There are two types of Associate Degrees. The first is the Associate of Applied Science degree (A.A.A.S. or A.A.S.) a professional technical degree designed to prepare students to directly enter the workforce. The second are Associate of Arts (A.A.) and Associate of Science (A.S.) degrees. These also prepare students for jobs, but focus more on course work that can be transferred to four-year institutions.

Check out Bio-Link, for a full list of the more than 50 schools around the country that offer Associate’s Degrees in Biotechnology.

Today, many community colleges have also developed Certificate Programs focusing on specialized aspects of Biotech. Certificate programs generally require fewer credits than Associate Degrees. At Madison Area Technical College, for example, a Bioinformatics Certificate delves into the specifics of Bioinformatics, the application of Information Technology to the management and analysis of biological data. This program helps students develop the expertise needed for employment as Bioinformatics programmers and Genomics technicians — both growing fields — and is designed for students who have already had some college experience in the life sciences. The program includes introductory courses in Bioinformatics and Genomics as well as programming; website development; relational database coding; and networking operations, among others.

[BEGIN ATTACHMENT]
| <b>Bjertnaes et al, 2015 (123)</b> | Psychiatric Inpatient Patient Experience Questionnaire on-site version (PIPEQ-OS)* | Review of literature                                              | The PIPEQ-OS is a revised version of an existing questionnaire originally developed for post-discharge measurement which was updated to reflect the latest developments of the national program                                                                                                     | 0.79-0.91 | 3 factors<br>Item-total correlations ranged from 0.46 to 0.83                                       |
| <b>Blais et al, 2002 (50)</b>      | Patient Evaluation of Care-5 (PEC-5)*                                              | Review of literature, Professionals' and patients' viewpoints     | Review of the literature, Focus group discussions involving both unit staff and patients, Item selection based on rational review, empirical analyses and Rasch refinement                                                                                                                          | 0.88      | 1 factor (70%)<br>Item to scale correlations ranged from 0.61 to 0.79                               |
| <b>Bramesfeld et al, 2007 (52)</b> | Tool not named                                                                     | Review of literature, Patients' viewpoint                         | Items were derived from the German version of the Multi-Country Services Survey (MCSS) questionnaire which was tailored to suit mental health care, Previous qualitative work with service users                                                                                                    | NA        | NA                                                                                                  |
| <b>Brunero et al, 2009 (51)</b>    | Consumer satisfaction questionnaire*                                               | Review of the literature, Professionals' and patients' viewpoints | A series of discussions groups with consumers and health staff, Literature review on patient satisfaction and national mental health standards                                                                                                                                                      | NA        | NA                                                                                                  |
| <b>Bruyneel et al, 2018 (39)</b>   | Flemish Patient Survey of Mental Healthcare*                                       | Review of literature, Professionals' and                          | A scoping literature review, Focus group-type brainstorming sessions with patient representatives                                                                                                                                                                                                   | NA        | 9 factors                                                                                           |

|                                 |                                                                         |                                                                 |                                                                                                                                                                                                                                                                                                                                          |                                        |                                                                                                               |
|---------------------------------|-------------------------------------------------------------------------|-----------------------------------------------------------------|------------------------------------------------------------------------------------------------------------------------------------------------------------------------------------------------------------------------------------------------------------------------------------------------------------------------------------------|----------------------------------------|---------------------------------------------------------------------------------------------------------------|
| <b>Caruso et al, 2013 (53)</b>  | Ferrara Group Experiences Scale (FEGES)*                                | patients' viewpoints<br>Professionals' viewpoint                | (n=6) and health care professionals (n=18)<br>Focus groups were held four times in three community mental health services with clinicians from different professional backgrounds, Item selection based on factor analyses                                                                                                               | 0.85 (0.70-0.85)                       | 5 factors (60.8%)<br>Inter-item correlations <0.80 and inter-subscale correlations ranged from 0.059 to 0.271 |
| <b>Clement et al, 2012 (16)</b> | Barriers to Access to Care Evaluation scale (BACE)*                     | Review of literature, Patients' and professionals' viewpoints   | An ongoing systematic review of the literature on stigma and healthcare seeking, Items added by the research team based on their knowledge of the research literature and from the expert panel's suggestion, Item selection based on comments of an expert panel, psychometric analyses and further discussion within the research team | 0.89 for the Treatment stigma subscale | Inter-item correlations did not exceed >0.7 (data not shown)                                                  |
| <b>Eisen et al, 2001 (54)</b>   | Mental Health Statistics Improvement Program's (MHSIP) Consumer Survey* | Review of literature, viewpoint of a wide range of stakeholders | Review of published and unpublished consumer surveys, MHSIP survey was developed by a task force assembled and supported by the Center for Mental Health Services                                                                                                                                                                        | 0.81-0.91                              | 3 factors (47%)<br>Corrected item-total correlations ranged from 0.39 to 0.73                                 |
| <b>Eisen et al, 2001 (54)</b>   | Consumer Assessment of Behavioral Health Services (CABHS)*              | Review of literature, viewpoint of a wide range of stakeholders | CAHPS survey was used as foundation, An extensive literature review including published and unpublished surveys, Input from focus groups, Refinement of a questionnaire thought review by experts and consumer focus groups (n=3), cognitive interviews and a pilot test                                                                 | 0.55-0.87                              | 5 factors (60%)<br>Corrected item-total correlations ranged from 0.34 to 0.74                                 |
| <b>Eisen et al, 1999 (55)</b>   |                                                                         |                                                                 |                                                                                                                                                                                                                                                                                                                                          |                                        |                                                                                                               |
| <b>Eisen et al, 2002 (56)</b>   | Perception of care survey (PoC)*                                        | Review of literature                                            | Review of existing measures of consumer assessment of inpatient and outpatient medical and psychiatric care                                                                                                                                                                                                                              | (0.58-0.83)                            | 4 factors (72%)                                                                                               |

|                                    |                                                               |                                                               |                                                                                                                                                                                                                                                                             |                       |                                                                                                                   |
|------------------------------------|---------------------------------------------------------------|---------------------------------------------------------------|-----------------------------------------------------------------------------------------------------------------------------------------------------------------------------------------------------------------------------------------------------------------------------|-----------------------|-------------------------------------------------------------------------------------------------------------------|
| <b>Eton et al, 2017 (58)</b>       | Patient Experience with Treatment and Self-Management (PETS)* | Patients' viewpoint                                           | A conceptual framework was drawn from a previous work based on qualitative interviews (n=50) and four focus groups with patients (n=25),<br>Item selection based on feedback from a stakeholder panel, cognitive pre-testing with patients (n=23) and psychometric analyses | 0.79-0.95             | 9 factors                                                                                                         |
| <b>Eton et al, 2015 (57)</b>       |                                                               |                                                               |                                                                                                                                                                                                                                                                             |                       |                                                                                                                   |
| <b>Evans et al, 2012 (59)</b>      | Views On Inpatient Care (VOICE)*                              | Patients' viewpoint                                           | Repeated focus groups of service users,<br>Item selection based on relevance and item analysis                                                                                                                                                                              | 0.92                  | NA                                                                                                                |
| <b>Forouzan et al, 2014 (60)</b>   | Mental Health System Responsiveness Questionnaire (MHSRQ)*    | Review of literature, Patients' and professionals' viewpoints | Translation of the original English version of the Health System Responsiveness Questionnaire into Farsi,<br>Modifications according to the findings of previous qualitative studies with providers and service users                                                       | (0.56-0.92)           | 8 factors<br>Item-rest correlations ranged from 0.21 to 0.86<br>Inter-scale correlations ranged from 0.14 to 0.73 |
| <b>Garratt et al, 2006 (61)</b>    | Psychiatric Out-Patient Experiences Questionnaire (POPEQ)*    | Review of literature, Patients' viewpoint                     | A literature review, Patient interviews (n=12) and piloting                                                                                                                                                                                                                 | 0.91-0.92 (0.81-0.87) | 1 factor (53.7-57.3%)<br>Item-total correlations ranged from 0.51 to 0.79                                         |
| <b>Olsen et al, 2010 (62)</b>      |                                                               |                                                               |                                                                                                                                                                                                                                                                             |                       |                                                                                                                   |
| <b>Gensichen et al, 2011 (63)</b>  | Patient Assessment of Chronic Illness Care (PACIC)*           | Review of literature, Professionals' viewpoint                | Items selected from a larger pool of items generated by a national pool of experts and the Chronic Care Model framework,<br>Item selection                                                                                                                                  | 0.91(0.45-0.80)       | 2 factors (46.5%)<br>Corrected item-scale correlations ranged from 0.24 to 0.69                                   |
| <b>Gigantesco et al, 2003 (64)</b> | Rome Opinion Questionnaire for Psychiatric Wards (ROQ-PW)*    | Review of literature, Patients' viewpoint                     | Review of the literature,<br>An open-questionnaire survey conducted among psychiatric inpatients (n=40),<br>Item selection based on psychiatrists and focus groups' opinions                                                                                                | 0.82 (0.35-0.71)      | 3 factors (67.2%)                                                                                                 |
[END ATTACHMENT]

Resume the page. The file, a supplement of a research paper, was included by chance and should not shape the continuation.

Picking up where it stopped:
Another specialized area of certification is Biomanufacturing/Bioprocessing. These programs prepare students for entry-level positions in Biomanufacturing facilities, where living cells or their components – bacteria or enzymes, for example – are used to manufacture products, such as biofuels and therapeutics. One example is the Bioprocess Technology Program at MiraCosta College, which according to a recent profile in Science Careers, offers courses that focus on laboratory skills, Bioprocess technology and the production and analysis of biofuels.